Home April 2017 2017 Energy New Venture Competition

2017 Energy New Venture Competition

Six Calgary entrepreneurs win big

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Left to right: University of Calgary president Elizabeth Cannon; Brett Chell, managing director of Cold Bore Technology and winner of the venture stream; Doug Hunter, president of Bluesky Equities Ltd.; and Jim Dewald, dean of the Haskayne School of Business. Photo by Kelly Hofer.

On February 28, 2017, aspiring energy sector entrepreneurs and emerging energy tech companies from Canada and the United States competed for almost $140,000 in cash and in-kind prizes at the 2017 Energy New Venture Competition held in downtown Calgary. Dedicated to advancing early-stage emerging technology companies and concepts to the next level, the fourth-annual competition was hosted by the Hunter Centre for Entrepreneurship and Innovation at the Haskayne School of Business and supported by Innovate Calgary.

Twelve teams (shortlisted from 69 applicants from around the world) competed in one of two categories – the “concept” stream for very early-stage businesses and the “venture” stream for those further along – and made 10-minute presentations to judging panels and a crowd of 250 investors, other entrepreneurs and sponsors. Each stream had a first-, second- and third-place winner.

“This competition is focused on energy but because the industry is so broad we get to see incredible diversity in the entrepreneur’s pitches,” says Kimberley Neutens, director of the Hunter Centre at the Haskayne School of Business. “Some focus on equipment innovations and process innovations, others on enhanced technology to support decision-making, and of course innovative solutions to problems that positively impact the environment. All of our competitors showcased their concepts or businesses well and showed us, the audience, some real opportunities for innovation in the energy space.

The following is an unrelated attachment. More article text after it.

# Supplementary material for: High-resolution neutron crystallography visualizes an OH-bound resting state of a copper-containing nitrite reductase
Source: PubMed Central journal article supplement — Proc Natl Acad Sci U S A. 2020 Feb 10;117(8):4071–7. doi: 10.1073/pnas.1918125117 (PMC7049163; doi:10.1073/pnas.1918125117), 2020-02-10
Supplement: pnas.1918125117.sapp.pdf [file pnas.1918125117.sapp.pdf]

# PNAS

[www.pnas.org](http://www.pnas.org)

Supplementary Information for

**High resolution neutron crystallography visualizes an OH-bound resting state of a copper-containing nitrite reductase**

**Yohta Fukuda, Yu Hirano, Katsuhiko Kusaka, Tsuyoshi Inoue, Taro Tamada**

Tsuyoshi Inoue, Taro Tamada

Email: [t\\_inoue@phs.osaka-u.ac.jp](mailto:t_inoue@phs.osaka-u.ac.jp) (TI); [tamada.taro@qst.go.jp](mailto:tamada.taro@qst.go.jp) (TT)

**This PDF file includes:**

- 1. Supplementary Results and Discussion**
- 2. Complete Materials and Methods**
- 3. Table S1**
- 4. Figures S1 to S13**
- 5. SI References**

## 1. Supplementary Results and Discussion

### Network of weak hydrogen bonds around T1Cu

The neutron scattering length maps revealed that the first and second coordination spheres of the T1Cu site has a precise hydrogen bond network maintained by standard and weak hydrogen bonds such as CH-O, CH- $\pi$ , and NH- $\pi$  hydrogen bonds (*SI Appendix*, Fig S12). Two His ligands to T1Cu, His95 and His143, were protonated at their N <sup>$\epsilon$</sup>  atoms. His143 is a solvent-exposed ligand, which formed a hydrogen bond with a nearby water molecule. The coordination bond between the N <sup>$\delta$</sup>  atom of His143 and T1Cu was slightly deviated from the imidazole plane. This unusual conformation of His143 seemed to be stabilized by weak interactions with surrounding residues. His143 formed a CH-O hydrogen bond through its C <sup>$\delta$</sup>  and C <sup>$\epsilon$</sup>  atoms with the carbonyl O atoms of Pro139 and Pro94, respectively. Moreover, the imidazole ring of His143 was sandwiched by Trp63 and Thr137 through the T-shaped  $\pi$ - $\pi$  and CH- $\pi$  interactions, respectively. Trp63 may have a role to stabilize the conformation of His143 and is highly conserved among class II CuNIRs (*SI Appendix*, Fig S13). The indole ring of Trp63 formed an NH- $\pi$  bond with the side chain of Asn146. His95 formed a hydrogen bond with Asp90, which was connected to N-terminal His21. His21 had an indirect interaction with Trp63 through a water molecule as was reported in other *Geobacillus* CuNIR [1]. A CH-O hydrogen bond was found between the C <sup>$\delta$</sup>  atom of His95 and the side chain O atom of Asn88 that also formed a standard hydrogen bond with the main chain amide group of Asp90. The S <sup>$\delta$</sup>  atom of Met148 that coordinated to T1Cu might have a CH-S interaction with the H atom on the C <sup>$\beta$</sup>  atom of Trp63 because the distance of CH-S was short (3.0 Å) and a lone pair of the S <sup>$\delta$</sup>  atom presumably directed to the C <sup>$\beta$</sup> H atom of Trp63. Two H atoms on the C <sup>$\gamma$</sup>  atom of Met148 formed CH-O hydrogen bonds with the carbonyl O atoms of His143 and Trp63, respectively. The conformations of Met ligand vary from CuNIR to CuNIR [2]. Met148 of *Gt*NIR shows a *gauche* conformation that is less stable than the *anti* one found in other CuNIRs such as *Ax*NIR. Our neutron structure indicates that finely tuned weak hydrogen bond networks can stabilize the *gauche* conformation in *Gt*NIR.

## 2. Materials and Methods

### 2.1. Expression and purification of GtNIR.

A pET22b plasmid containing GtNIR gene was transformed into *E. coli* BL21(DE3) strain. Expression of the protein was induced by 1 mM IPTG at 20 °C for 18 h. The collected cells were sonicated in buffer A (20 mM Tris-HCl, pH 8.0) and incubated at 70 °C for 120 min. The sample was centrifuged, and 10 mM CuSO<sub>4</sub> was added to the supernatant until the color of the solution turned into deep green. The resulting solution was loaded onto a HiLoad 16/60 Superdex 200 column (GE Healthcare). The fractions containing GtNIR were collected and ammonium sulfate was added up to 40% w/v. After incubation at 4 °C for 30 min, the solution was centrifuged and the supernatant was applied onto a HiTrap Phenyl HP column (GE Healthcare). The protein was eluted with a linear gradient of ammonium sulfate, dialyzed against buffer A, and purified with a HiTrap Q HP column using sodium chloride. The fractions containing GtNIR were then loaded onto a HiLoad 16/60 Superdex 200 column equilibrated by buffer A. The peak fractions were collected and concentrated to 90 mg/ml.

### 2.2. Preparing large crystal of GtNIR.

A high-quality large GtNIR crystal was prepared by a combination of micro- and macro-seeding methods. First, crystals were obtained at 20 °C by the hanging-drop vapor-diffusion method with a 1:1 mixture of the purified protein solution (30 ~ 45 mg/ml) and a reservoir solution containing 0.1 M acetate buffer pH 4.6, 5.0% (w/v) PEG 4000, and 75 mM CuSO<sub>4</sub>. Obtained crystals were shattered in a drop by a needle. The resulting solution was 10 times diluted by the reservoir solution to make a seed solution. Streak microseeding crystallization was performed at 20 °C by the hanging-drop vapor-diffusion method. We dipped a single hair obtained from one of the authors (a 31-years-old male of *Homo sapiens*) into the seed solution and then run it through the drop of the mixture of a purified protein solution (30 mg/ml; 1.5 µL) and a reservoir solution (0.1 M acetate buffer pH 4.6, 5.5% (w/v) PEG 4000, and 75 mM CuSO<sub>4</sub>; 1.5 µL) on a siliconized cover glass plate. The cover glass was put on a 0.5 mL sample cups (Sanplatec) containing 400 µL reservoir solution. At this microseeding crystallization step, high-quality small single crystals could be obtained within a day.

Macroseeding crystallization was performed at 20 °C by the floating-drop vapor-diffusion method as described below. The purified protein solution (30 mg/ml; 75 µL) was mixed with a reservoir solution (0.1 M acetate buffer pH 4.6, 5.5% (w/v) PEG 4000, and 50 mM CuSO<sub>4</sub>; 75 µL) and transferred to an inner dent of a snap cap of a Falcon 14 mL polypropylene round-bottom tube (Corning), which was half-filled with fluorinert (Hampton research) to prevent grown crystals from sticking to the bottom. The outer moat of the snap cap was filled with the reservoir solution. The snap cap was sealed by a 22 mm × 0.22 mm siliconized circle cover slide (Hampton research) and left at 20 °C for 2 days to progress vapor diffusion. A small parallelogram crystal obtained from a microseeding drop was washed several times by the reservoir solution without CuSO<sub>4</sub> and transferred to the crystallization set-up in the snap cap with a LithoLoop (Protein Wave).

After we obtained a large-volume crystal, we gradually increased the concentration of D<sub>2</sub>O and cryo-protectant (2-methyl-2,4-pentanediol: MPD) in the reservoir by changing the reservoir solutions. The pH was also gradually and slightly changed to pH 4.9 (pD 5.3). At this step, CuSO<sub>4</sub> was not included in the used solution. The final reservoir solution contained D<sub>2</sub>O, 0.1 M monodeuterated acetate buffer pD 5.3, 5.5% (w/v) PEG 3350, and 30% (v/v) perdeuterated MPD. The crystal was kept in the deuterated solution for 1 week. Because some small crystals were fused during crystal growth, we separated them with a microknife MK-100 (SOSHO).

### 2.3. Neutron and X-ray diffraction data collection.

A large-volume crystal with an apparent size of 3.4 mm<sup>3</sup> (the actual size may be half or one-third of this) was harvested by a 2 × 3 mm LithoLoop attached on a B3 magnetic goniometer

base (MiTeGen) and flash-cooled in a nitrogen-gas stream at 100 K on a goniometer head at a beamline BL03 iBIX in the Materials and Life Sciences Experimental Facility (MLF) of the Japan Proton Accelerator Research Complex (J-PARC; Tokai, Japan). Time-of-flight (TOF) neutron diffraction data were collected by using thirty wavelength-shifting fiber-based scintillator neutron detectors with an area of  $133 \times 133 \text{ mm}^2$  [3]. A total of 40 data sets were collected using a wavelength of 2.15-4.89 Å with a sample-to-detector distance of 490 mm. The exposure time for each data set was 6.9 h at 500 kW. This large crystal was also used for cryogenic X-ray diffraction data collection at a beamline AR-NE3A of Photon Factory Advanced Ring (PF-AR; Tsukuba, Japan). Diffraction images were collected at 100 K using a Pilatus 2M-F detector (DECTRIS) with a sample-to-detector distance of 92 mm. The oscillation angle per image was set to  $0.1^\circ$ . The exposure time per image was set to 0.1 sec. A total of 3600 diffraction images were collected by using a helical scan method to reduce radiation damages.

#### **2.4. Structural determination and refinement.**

The six winners included an environmental sciences student who developed a natural remediation method that uses fungi; veteran oilpatch engineers who developed a downhole evaluation tool to report the “health of the well” to the client; University of Calgary students who developed a safe solid-state sodium-ion battery to store renewable energy; a developer of a suite of software to streamline and audit pipeline asset data; and a company that developed a modular system to provide solar power for remote industrial operations and communities.

Cold Bore Technology, which provides digital downhole acoustic monitoring, took first prize in the Venture stream, walking away with $25,000 and the chance to present at the PROPEL Energy Tech Forum. “It was really great,” says Brett Chell, the company’s managing director who quit art school to work in the oilpatch. “Very well run with a lot of really reputable people involved.” Winning $25,000 and the chance to speak at PROPEL were great rewards, he says, but so too were the contacts he made. “Getting to stand up in front of the right people disseminates back to the big oil companies. It offered a lot of credibility and translates into real business opportunities.” As a result of his pitch, Chell says he was contacted by a number of large oil and gas companies interested in Cold Bore.

As well as cash prizes, the Venture stream winners will share $40,000 of in-kind support from a number of sponsors including Bennett Jones Kickstart, Collins Barrow, GLJ Petroleum Consultants, William Joseph Communications and VA Angels.

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